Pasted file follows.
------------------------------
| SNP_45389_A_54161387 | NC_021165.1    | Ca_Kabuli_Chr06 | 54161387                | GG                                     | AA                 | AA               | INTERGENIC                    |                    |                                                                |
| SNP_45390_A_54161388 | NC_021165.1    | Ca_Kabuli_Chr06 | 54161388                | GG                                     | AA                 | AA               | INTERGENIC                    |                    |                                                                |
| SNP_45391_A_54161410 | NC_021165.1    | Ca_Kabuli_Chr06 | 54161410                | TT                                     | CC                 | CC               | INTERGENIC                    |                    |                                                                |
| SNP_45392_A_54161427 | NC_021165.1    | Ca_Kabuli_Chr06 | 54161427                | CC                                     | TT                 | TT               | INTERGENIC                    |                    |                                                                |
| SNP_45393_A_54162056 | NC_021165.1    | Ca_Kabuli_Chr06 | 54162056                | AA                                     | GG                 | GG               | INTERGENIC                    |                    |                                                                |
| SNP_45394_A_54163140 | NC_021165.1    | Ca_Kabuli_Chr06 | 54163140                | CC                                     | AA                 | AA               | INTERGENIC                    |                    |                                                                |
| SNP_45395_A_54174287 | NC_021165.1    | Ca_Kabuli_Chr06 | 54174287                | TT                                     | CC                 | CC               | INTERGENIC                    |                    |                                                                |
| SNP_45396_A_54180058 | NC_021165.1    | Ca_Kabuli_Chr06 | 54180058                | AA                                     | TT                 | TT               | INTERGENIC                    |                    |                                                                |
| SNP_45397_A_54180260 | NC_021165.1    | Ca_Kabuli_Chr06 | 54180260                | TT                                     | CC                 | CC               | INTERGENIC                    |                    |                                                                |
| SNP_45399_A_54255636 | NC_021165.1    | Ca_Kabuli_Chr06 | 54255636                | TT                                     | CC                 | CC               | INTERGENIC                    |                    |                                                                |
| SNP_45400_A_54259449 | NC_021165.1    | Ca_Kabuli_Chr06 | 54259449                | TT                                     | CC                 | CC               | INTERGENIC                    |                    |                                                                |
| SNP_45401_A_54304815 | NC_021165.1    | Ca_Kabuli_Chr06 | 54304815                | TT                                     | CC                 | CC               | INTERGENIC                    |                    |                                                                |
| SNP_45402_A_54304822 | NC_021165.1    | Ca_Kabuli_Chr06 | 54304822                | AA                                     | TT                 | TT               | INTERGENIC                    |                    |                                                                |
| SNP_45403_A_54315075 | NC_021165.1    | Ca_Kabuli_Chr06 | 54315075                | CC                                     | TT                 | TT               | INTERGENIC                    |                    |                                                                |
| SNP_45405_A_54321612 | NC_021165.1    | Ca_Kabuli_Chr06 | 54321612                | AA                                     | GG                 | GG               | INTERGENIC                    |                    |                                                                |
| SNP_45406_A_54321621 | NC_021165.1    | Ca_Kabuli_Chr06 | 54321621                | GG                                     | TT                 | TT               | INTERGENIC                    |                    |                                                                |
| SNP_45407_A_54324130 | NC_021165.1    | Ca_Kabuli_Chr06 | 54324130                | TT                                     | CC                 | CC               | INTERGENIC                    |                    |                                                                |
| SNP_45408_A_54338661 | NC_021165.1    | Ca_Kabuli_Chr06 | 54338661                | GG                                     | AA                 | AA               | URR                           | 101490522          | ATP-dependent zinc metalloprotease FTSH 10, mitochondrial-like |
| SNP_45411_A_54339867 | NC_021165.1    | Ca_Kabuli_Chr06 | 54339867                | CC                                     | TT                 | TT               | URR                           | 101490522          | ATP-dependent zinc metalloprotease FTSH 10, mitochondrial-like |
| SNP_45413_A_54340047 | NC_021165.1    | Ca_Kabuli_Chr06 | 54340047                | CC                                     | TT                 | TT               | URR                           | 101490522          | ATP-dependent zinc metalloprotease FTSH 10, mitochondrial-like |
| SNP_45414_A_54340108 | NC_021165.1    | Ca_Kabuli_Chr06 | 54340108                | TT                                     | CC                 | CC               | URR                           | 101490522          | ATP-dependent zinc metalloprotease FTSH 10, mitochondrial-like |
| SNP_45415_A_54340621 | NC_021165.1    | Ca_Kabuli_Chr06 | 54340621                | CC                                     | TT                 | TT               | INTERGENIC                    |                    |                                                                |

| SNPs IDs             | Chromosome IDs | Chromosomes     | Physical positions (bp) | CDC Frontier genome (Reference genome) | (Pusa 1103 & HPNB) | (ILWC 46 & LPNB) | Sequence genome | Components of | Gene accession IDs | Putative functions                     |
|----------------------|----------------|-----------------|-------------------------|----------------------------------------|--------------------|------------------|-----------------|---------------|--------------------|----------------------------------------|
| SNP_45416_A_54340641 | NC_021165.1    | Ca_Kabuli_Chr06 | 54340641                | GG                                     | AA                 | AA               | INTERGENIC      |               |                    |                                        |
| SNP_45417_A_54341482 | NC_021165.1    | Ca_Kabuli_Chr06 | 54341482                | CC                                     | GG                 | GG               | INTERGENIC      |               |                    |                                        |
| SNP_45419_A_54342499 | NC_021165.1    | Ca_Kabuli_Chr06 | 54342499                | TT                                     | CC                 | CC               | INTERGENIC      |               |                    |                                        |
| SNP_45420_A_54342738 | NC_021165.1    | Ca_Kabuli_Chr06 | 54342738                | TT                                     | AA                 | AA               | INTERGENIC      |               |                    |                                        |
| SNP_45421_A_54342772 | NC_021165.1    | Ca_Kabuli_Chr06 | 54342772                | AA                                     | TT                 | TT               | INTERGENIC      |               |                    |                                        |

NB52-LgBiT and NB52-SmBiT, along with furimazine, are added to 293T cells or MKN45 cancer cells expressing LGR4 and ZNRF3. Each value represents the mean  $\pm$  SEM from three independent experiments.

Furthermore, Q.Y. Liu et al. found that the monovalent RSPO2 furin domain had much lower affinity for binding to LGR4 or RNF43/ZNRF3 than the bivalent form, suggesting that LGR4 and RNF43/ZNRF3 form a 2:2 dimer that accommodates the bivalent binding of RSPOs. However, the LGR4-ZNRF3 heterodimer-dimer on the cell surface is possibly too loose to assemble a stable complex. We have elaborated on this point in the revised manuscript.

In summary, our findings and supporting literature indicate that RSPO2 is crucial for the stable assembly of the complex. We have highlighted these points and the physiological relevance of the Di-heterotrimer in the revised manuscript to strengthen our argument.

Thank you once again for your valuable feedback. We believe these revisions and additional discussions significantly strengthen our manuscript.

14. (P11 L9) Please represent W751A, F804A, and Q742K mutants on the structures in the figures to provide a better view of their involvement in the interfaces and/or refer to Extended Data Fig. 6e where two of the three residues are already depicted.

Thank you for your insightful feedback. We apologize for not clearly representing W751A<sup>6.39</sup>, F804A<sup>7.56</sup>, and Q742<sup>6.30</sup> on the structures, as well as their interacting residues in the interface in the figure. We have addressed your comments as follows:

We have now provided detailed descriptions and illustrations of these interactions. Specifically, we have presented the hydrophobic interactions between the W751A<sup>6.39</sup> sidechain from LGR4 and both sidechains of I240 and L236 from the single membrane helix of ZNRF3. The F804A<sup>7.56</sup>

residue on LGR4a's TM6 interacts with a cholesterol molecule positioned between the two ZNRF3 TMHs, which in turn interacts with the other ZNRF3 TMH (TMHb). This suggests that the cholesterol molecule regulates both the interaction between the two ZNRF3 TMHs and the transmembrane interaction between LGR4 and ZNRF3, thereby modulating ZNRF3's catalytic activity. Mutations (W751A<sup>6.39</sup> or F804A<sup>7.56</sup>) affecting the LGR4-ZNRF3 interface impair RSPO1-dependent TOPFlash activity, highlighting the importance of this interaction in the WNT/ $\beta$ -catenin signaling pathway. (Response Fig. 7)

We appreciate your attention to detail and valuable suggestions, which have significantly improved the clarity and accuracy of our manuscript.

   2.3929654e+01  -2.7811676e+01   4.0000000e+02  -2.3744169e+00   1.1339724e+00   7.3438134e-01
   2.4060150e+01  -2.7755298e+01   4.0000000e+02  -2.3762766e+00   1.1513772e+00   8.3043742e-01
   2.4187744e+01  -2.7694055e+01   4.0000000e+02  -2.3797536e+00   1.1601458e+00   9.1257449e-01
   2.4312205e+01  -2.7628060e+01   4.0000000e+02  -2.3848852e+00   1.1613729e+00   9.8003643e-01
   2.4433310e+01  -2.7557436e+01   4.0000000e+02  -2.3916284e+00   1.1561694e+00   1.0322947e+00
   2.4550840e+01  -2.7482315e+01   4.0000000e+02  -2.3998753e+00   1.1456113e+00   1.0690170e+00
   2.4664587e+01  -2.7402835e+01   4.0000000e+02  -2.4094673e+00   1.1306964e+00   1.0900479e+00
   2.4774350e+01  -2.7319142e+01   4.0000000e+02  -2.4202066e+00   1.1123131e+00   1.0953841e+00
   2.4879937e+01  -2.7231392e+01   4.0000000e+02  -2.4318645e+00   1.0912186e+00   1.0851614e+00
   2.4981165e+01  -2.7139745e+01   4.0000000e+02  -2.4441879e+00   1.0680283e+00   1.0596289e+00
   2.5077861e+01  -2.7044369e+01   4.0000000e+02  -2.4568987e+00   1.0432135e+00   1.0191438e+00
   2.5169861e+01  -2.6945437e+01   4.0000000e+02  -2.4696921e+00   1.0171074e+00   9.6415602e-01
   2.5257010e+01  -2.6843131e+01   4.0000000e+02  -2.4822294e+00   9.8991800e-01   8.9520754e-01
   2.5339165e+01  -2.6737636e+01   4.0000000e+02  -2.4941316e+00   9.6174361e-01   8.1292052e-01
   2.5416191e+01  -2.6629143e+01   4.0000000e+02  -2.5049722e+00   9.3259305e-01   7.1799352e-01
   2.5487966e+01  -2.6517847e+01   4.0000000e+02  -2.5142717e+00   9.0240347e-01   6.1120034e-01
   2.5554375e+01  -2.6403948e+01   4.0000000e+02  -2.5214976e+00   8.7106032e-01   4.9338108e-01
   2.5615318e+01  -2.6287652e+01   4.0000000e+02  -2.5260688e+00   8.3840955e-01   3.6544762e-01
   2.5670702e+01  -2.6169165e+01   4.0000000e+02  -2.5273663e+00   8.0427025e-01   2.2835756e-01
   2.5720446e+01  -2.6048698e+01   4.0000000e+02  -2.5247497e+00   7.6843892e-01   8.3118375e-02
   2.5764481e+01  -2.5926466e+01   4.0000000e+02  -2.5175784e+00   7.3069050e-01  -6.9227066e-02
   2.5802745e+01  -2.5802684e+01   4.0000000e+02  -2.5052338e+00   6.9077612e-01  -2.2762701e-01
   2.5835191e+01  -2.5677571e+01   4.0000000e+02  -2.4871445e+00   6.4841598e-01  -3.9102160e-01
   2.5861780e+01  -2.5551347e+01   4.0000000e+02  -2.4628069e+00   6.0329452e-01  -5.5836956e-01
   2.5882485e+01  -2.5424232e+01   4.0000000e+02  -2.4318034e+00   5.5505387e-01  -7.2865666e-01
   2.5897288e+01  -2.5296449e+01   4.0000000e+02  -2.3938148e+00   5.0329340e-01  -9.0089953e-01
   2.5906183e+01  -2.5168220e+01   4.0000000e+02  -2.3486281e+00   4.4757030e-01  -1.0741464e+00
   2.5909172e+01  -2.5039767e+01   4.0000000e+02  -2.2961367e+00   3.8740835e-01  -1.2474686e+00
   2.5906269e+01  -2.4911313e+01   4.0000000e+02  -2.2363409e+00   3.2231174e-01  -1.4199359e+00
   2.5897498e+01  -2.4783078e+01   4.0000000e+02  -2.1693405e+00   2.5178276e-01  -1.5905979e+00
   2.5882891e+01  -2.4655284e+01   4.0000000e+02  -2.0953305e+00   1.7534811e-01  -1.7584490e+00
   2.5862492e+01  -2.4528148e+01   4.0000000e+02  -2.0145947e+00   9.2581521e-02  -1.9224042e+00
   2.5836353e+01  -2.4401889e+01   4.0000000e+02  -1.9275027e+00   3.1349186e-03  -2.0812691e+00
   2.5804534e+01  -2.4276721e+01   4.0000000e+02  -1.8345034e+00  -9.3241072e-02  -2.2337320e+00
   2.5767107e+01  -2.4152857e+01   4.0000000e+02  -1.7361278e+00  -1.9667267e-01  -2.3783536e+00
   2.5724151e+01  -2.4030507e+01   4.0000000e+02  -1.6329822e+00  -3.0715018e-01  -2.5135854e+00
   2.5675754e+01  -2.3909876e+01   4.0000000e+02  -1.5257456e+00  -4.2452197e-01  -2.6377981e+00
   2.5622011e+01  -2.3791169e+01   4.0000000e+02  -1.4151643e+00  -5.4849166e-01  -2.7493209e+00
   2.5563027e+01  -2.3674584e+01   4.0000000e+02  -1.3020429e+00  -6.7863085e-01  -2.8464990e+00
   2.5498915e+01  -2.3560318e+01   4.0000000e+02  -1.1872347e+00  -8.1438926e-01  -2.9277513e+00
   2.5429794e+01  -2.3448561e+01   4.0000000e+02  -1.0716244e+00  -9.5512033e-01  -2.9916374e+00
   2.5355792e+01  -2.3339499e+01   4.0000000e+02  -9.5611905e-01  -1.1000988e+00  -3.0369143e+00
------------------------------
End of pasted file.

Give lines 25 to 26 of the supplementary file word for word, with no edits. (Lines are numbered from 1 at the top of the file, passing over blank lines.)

| SNP_45416_A_54340641 | NC_021165.1    | Ca_Kabuli_Chr06 | 54340641                | GG                                     | AA                 | AA               | INTERGENIC      |               |                    |                                        |
| SNP_45417_A_54341482 | NC_021165.1    | Ca_Kabuli_Chr06 | 54341482                | CC                                     | GG                 | GG               | INTERGENIC      |               |                    |                                        |